The Department of Labor has changed its guidance again about paying drivers for sleeper berth time. - File Photo (Peterbilt)

The Department of Labor has changed its guidance again about paying drivers for sleeper berth time.

File Photo (Peterbilt)


A 2019 Department of Labor Opinion Letter clarifying whether truck drivers must be paid for time in the sleeper berth has been withdrawn by the DOL’s Wage and Hour Division under the Biden administration.

The Biden administration has reinstated two prior Opinion Letters that “opined on the existence of limits related to when and how much sleeper berth time can be non-compensable,” according to an alert from the transportation attorneys at Scopelitis, Garvin, Light, Hanson & Feary.

Under the guidance that has been reinstated, WHD interpreted the regulations to mean that while sleeping time “may be excluded from hours worked where ‘adequate facilities’ were furnished, only up to eight hours of sleeping time may be excluded in a trip 24 hours or longer, and no sleeping time may be excluded for trips under 24 hours.”

That 2019 letter that was withdrawn said that the time when drivers are relieved of all duties and permitted to sleep in the sleeper berth is “presumptively non-compensable,” saying the earlier interpretation was “unnecessarily burdensome for employers.”

Opinion Letters are used to officially address issues related to the Fair Labor Standards Act by speaking to how a given law applies in specific circumstances presented by the entity that requested the letter.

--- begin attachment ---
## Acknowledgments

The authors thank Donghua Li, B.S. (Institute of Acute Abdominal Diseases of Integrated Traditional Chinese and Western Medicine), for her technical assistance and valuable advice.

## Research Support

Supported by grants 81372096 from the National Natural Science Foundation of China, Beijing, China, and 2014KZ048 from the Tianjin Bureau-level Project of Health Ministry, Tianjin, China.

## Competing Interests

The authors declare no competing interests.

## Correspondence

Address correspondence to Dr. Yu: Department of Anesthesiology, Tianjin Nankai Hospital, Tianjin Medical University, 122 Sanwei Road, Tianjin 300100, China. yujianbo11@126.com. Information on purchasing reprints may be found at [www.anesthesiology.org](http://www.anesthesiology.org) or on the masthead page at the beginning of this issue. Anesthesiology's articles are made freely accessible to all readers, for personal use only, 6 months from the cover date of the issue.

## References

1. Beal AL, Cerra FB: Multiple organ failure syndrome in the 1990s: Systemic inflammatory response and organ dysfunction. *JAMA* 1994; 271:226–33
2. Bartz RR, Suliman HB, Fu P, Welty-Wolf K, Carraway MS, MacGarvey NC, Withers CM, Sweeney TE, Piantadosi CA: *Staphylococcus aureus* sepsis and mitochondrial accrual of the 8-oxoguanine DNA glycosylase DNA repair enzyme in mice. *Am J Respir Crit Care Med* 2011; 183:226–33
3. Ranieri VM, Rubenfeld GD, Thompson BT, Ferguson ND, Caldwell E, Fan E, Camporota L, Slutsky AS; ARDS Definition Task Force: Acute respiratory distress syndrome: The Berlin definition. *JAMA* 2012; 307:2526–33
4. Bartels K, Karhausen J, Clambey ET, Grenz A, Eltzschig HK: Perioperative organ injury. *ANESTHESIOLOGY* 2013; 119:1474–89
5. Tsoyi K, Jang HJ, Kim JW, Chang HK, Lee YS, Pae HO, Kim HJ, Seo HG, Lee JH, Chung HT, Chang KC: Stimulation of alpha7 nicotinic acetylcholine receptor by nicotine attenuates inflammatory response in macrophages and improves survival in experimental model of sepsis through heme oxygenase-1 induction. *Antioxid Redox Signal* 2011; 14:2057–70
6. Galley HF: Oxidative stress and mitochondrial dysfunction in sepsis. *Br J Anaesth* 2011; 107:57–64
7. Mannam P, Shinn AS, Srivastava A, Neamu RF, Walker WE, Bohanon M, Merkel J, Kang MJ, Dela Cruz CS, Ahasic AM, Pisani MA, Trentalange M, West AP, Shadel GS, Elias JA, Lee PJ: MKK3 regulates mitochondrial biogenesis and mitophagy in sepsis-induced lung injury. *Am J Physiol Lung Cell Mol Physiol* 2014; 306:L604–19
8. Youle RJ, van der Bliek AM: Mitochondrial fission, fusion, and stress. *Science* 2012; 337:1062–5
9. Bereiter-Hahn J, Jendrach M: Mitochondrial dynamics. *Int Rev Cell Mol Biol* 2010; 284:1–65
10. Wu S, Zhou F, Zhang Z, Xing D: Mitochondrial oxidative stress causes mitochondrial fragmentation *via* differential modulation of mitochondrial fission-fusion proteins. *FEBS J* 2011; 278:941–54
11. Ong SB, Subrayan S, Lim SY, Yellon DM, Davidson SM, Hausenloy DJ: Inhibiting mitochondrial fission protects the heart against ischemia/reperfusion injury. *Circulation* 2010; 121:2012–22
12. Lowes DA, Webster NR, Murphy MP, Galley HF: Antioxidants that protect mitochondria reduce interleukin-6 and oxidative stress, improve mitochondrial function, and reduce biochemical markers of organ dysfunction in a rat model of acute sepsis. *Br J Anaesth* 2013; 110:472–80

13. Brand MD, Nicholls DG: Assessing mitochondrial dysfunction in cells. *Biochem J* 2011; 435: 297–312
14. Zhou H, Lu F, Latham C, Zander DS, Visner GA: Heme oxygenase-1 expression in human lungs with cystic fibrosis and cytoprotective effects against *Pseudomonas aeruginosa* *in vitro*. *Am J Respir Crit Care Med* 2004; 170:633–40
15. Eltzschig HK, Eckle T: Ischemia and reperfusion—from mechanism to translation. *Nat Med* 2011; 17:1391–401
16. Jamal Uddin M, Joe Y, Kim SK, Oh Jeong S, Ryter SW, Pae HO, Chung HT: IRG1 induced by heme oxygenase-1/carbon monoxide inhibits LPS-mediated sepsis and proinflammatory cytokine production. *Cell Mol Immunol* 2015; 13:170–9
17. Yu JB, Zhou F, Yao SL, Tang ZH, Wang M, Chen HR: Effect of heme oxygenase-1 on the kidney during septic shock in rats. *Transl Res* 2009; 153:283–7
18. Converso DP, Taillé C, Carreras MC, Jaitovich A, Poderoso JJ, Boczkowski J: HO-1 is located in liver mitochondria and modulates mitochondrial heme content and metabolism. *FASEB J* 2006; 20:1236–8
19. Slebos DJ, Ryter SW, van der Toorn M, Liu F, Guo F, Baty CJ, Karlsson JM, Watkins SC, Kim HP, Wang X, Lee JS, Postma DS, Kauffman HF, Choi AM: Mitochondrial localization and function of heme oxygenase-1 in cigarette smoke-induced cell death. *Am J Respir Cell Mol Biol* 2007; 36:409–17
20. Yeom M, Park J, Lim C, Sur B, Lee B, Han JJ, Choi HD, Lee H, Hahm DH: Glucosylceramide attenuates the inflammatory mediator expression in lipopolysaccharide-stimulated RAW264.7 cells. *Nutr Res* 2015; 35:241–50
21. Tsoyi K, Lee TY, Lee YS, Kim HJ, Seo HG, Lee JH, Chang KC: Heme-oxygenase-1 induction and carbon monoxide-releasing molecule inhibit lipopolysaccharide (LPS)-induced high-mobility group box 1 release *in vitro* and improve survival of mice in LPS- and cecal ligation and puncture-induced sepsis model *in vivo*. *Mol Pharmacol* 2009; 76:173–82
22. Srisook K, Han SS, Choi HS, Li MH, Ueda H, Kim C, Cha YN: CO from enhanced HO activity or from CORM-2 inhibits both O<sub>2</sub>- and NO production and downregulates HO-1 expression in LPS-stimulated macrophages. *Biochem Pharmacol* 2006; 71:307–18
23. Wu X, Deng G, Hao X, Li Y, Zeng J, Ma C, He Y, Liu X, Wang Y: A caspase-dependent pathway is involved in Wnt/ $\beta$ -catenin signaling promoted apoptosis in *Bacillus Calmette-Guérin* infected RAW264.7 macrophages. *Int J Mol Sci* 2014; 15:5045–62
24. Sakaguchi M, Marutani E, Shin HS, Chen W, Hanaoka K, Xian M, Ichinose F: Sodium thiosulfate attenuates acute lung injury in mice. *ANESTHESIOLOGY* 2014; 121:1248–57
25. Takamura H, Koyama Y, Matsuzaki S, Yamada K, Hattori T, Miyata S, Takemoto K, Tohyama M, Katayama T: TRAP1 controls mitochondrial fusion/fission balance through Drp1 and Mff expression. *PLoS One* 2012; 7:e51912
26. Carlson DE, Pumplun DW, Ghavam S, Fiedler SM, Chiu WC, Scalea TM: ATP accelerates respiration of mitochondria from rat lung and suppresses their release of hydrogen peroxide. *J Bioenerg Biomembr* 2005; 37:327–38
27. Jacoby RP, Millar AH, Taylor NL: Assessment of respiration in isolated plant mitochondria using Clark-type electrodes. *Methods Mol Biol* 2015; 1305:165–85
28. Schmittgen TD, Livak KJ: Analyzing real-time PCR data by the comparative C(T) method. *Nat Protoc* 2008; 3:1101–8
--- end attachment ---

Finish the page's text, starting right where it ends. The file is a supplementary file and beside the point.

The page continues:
In announcing the withdrawal of the letter, the department said the 2019 opinion was “inconsistent with long-standing WHD interpretations regarding the compensability of time spent in a trucker’s sleeper berth” and that it never spelled out why it was moving away from previous guidelines. 

“The extent to which sleeper berth time is compensable remains a frequently litigated issue in federal courts all over the country,” said the Scopelitis attorneys, who advised fleets to pay careful attention to the details of hours of work policies.

For instance, last year, Arkansas-based PAM Transportation Services agreed to pay $16.5 million to settle a class action lawsuit alleging that it violated the Fair Labor Standards Act and the Arkansas Minimum Wage Law. Although there were other issues involved in the case, including pay during orientation and allegedly illegal deductions, the lawsuit also said drivers should be paid for time in the sleeper berth over eight hours.

It said the plaintiffs “regularly worked more than 16 hours per day” because they were required to, among other things, “remain inside the truck when stopped to log time in the sleeper berth.” The suit contended that “the maximum amount of time an employer may dock an employee who is on duty for more than 24 hours for time spent in a sleeper berth is eight hours per day. The remaining amount of time (16 hours per day) is work time and must be paid, less bona fide meal periods.”





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